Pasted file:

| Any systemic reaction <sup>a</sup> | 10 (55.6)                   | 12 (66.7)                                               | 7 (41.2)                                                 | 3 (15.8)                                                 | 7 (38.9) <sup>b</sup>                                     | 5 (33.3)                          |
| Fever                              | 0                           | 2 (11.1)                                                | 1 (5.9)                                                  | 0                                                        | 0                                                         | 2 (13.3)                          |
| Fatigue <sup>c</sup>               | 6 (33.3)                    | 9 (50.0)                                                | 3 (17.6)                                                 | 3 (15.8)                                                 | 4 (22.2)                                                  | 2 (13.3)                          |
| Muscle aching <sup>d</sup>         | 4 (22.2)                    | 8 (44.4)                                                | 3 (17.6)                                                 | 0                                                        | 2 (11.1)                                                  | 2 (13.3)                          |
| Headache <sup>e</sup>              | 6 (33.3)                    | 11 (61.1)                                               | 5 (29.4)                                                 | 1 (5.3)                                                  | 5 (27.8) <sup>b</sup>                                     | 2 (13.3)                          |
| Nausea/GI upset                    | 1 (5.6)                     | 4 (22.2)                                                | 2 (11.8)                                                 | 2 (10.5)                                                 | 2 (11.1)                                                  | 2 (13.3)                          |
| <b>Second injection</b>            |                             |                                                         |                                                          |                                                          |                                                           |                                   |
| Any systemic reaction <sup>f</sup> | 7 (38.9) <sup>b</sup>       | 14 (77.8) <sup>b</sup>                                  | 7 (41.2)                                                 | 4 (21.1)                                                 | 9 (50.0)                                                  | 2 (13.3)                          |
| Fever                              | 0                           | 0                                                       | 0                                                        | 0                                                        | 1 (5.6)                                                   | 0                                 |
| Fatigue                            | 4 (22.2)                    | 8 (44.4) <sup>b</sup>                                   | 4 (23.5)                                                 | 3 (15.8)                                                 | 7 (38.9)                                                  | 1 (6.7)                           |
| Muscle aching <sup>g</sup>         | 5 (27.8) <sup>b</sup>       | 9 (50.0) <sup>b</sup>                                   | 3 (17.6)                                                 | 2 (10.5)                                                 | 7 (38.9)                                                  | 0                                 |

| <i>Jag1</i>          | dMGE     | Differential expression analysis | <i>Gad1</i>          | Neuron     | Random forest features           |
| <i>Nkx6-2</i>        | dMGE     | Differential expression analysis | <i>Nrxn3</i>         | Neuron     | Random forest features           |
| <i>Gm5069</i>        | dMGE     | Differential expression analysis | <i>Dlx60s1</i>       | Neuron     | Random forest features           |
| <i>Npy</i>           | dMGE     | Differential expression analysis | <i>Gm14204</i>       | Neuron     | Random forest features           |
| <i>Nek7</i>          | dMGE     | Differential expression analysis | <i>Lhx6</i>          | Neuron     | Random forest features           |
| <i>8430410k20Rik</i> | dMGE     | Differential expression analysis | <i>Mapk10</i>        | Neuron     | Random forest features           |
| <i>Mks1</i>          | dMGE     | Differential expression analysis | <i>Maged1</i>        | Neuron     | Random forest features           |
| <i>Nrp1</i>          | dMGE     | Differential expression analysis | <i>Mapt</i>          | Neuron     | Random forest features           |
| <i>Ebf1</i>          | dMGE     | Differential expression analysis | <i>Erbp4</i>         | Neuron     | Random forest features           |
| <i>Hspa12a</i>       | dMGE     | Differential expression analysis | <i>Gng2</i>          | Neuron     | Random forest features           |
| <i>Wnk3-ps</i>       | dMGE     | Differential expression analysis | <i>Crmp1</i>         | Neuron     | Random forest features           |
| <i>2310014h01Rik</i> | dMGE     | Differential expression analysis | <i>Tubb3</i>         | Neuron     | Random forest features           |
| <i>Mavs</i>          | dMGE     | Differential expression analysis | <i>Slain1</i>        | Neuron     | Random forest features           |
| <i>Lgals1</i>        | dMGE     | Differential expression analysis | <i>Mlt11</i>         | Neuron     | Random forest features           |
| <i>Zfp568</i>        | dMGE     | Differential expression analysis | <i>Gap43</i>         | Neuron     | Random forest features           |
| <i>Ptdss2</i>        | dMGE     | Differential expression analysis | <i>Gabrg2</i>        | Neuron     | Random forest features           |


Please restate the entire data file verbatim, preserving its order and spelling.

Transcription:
| Any systemic reaction <sup>a</sup> | 10 (55.6)                   | 12 (66.7)                                               | 7 (41.2)                                                 | 3 (15.8)                                                 | 7 (38.9) <sup>b</sup>                                     | 5 (33.3)                          |
| Fever                              | 0                           | 2 (11.1)                                                | 1 (5.9)                                                  | 0                                                        | 0                                                         | 2 (13.3)                          |
| Fatigue <sup>c</sup>               | 6 (33.3)                    | 9 (50.0)                                                | 3 (17.6)                                                 | 3 (15.8)                                                 | 4 (22.2)                                                  | 2 (13.3)                          |
| Muscle aching <sup>d</sup>         | 4 (22.2)                    | 8 (44.4)                                                | 3 (17.6)                                                 | 0                                                        | 2 (11.1)                                                  | 2 (13.3)                          |
| Headache <sup>e</sup>              | 6 (33.3)                    | 11 (61.1)                                               | 5 (29.4)                                                 | 1 (5.3)                                                  | 5 (27.8) <sup>b</sup>                                     | 2 (13.3)                          |
| Nausea/GI upset                    | 1 (5.6)                     | 4 (22.2)                                                | 2 (11.8)                                                 | 2 (10.5)                                                 | 2 (11.1)                                                  | 2 (13.3)                          |
| <b>Second injection</b>            |                             |                                                         |                                                          |                                                          |                                                           |                                   |
| Any systemic reaction <sup>f</sup> | 7 (38.9) <sup>b</sup>       | 14 (77.8) <sup>b</sup>                                  | 7 (41.2)                                                 | 4 (21.1)                                                 | 9 (50.0)                                                  | 2 (13.3)                          |
| Fever                              | 0                           | 0                                                       | 0                                                        | 0                                                        | 1 (5.6)                                                   | 0                                 |
| Fatigue                            | 4 (22.2)                    | 8 (44.4) <sup>b</sup>                                   | 4 (23.5)                                                 | 3 (15.8)                                                 | 7 (38.9)                                                  | 1 (6.7)                           |
| Muscle aching <sup>g</sup>         | 5 (27.8) <sup>b</sup>       | 9 (50.0) <sup>b</sup>                                   | 3 (17.6)                                                 | 2 (10.5)                                                 | 7 (38.9)                                                  | 0                                 |

| <i>Jag1</i>          | dMGE     | Differential expression analysis | <i>Gad1</i>          | Neuron     | Random forest features           |
| <i>Nkx6-2</i>        | dMGE     | Differential expression analysis | <i>Nrxn3</i>         | Neuron     | Random forest features           |
| <i>Gm5069</i>        | dMGE     | Differential expression analysis | <i>Dlx60s1</i>       | Neuron     | Random forest features           |
| <i>Npy</i>           | dMGE     | Differential expression analysis | <i>Gm14204</i>       | Neuron     | Random forest features           |
| <i>Nek7</i>          | dMGE     | Differential expression analysis | <i>Lhx6</i>          | Neuron     | Random forest features           |
| <i>8430410k20Rik</i> | dMGE     | Differential expression analysis | <i>Mapk10</i>        | Neuron     | Random forest features           |
| <i>Mks1</i>          | dMGE     | Differential expression analysis | <i>Maged1</i>        | Neuron     | Random forest features           |
| <i>Nrp1</i>          | dMGE     | Differential expression analysis | <i>Mapt</i>          | Neuron     | Random forest features           |
| <i>Ebf1</i>          | dMGE     | Differential expression analysis | <i>Erbp4</i>         | Neuron     | Random forest features           |
| <i>Hspa12a</i>       | dMGE     | Differential expression analysis | <i>Gng2</i>          | Neuron     | Random forest features           |
| <i>Wnk3-ps</i>       | dMGE     | Differential expression analysis | <i>Crmp1</i>         | Neuron     | Random forest features           |
| <i>2310014h01Rik</i> | dMGE     | Differential expression analysis | <i>Tubb3</i>         | Neuron     | Random forest features           |
| <i>Mavs</i>          | dMGE     | Differential expression analysis | <i>Slain1</i>        | Neuron     | Random forest features           |
| <i>Lgals1</i>        | dMGE     | Differential expression analysis | <i>Mlt11</i>         | Neuron     | Random forest features           |
| <i>Zfp568</i>        | dMGE     | Differential expression analysis | <i>Gap43</i>         | Neuron     | Random forest features           |
| <i>Ptdss2</i>        | dMGE     | Differential expression analysis | <i>Gabrg2</i>        | Neuron     | Random forest features           |